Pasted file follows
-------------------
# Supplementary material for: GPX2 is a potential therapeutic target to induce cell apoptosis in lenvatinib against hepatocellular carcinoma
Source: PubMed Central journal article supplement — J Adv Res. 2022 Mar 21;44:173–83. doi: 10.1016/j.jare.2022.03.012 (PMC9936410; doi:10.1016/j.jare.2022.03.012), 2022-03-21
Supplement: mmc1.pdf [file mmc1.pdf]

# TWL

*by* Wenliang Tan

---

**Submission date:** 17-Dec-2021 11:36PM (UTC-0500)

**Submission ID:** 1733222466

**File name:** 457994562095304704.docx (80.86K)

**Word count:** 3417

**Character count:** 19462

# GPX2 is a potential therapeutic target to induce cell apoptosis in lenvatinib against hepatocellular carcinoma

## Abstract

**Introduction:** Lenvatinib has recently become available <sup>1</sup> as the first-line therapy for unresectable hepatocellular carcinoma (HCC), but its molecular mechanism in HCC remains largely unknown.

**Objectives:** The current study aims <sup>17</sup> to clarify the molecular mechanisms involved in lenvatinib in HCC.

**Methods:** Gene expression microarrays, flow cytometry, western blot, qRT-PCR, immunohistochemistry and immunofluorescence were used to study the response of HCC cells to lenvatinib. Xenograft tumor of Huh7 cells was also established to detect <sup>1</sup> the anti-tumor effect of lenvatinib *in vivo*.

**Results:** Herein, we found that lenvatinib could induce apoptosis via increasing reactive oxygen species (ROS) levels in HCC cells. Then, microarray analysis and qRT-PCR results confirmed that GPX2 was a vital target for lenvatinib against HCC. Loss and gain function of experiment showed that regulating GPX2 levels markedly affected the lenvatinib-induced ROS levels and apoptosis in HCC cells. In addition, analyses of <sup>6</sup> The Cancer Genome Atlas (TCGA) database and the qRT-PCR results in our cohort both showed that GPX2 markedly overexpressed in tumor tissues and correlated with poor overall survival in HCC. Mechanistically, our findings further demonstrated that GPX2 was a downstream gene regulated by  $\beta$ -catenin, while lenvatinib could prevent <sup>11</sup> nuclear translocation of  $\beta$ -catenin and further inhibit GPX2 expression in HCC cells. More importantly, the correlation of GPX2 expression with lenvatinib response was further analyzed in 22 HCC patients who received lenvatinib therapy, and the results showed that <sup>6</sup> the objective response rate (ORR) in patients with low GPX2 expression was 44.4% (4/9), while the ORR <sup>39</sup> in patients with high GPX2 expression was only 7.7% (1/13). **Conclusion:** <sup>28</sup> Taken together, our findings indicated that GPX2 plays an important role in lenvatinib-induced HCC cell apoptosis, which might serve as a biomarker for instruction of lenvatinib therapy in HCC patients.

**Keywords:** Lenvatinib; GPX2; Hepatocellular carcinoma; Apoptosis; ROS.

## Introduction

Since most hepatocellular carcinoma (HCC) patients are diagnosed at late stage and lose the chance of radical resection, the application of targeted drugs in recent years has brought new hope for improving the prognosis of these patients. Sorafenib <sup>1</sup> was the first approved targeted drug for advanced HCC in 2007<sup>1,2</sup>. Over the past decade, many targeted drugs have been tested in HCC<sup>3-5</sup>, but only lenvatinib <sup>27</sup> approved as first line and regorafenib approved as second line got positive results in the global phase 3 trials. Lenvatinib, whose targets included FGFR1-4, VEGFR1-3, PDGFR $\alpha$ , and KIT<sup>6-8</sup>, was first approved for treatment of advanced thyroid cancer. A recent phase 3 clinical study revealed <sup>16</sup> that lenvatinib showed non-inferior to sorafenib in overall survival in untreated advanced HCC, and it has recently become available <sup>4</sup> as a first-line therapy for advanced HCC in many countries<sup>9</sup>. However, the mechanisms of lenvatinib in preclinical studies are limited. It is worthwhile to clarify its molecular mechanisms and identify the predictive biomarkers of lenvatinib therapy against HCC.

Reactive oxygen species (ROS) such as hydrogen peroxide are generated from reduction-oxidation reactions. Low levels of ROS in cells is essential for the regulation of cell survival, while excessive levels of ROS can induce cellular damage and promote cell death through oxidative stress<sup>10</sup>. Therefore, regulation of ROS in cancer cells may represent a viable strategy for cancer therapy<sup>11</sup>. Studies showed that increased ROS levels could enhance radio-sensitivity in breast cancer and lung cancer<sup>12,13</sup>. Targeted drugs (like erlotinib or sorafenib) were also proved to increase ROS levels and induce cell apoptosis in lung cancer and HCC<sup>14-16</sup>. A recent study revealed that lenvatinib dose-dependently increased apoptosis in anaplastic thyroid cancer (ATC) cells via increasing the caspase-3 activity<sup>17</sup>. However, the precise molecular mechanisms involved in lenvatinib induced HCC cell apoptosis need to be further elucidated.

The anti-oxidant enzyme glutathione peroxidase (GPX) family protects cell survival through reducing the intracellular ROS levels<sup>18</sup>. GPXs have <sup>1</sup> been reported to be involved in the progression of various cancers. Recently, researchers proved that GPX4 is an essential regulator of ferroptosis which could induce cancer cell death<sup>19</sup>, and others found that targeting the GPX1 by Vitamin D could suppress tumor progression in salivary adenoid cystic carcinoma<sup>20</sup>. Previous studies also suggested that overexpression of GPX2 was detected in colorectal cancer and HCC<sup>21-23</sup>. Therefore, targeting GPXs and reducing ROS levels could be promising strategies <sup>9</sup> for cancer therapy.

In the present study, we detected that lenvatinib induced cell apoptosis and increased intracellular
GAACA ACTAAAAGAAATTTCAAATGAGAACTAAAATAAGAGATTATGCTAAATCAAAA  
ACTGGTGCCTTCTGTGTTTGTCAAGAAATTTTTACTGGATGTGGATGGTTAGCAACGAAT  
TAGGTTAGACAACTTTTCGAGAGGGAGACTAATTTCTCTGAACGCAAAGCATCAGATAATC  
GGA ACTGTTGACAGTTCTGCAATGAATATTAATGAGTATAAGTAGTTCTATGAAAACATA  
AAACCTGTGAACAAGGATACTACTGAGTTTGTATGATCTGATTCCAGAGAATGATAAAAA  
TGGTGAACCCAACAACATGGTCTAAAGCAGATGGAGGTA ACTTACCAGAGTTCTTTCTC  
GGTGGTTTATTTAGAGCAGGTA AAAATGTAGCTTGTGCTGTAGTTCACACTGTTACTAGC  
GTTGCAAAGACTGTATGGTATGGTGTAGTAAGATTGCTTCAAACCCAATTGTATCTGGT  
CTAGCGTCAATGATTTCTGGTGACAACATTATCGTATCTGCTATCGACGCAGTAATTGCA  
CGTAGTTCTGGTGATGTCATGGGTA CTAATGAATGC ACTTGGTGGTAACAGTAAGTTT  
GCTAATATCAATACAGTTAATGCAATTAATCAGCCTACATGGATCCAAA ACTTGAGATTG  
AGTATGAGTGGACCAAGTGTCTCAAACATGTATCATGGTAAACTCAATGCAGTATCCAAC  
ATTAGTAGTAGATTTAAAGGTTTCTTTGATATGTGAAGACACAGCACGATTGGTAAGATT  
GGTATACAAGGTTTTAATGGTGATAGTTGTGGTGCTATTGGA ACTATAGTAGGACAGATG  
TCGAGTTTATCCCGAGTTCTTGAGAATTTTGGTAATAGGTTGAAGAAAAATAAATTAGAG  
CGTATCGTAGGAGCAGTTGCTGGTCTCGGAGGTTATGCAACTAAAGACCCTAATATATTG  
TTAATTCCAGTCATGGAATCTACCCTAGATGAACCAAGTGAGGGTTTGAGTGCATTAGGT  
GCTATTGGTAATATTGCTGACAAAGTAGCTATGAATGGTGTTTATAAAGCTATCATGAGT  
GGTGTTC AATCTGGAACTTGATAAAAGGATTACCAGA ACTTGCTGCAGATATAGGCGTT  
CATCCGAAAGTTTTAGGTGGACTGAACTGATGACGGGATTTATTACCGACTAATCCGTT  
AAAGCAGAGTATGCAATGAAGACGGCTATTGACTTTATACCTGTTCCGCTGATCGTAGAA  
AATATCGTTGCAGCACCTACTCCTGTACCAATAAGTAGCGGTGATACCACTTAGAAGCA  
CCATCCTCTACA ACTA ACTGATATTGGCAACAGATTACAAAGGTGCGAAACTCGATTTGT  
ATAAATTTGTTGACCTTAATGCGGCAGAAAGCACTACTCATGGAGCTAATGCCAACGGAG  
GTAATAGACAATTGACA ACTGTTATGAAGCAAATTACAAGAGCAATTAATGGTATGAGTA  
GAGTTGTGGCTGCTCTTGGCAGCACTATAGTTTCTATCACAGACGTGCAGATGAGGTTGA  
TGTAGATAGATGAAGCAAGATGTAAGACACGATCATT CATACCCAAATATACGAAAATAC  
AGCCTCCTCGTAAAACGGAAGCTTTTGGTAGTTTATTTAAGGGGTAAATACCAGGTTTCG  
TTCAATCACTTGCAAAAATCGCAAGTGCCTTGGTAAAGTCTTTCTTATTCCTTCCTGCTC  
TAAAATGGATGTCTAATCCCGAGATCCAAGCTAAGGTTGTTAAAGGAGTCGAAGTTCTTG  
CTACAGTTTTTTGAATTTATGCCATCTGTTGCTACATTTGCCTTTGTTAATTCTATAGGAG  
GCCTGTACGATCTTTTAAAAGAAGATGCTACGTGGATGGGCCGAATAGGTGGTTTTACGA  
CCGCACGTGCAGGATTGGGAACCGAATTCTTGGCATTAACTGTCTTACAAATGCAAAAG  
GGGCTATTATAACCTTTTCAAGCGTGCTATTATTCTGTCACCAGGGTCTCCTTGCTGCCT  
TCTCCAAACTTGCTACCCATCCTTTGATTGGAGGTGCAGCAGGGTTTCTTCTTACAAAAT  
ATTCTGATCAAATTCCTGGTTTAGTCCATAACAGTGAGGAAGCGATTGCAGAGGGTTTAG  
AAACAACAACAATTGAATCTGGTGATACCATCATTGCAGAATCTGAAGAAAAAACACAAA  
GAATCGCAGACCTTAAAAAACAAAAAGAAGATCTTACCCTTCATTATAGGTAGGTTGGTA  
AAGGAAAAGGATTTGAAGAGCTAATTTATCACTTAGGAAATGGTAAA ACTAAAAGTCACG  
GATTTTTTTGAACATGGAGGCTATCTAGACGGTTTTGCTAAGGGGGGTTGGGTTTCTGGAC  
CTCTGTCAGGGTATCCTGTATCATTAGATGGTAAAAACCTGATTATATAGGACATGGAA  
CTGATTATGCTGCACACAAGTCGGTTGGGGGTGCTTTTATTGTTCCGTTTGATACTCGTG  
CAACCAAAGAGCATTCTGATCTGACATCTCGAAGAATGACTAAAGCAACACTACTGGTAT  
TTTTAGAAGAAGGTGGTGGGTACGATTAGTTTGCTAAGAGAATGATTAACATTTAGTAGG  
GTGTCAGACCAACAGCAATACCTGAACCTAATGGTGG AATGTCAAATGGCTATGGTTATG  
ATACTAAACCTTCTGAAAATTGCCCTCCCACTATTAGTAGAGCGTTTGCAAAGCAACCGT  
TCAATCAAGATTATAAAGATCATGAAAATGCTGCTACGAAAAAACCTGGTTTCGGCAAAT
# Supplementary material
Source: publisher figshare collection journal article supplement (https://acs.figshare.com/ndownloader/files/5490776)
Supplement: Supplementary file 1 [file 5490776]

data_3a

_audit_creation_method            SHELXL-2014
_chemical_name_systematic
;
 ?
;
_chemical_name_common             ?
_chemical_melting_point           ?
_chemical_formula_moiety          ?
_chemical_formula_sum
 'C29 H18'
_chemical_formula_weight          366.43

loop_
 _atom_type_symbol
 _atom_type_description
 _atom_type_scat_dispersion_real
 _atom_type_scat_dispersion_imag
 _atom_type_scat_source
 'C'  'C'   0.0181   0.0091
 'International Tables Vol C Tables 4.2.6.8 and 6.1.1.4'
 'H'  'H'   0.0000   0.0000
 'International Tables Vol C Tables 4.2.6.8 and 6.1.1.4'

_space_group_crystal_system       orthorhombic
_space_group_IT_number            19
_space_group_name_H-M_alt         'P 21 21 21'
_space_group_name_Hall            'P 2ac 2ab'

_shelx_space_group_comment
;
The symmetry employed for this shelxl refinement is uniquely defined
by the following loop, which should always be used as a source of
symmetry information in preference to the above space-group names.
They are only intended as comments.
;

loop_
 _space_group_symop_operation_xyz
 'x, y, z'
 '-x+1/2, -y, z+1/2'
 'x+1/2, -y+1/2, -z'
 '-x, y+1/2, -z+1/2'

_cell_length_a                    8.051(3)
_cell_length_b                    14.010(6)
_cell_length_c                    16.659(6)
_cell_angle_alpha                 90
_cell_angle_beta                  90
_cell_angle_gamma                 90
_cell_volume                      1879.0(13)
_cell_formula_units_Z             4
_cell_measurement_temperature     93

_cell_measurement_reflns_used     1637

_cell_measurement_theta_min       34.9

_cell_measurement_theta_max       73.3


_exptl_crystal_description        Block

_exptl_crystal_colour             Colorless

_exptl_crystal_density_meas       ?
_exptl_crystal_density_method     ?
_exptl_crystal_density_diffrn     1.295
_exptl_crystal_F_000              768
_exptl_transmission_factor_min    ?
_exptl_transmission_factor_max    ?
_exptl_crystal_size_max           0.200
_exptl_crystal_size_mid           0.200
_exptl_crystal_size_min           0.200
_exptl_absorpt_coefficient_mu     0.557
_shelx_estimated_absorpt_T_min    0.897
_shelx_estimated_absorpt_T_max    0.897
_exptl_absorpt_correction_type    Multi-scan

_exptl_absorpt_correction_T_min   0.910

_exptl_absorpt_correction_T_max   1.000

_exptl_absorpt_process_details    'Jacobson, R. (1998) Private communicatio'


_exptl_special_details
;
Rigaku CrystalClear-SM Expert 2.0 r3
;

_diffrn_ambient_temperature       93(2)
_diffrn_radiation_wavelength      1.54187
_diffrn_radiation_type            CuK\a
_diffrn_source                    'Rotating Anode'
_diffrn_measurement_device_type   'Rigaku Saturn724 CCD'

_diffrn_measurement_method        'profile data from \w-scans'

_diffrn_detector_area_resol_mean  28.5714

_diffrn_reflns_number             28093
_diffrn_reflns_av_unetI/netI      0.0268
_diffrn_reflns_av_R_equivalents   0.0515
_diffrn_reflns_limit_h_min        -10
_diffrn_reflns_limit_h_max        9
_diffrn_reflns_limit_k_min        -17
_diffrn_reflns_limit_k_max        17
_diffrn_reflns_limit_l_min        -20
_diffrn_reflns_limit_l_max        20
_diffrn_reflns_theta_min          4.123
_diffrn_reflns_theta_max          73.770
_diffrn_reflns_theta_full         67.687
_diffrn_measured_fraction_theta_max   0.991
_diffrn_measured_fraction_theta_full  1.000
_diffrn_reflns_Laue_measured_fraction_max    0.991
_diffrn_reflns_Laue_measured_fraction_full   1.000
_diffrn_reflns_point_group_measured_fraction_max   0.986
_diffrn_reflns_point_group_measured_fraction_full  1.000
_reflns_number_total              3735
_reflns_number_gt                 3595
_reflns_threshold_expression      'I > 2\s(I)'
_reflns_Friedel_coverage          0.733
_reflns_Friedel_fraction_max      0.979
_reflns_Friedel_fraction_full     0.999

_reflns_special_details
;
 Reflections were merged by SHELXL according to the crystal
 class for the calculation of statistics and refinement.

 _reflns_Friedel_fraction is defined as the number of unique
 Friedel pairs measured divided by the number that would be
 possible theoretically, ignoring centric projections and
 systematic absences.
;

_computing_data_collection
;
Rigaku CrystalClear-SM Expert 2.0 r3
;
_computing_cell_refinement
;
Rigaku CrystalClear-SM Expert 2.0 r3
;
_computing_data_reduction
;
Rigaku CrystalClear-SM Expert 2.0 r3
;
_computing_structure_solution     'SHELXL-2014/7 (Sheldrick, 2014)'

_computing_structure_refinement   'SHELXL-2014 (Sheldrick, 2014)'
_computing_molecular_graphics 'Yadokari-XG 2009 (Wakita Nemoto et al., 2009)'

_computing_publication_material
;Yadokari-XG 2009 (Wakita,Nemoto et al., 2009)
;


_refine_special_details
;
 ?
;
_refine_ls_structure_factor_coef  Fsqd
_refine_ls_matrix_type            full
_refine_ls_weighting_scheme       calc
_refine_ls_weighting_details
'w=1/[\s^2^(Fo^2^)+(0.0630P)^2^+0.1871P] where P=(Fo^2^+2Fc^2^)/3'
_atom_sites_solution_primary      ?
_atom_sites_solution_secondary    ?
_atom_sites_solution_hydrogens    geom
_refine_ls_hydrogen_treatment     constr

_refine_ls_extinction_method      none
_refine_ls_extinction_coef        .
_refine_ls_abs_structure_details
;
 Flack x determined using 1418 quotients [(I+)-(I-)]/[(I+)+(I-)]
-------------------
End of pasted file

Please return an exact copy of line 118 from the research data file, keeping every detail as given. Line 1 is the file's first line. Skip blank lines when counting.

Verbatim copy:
_cell_angle_gamma                 90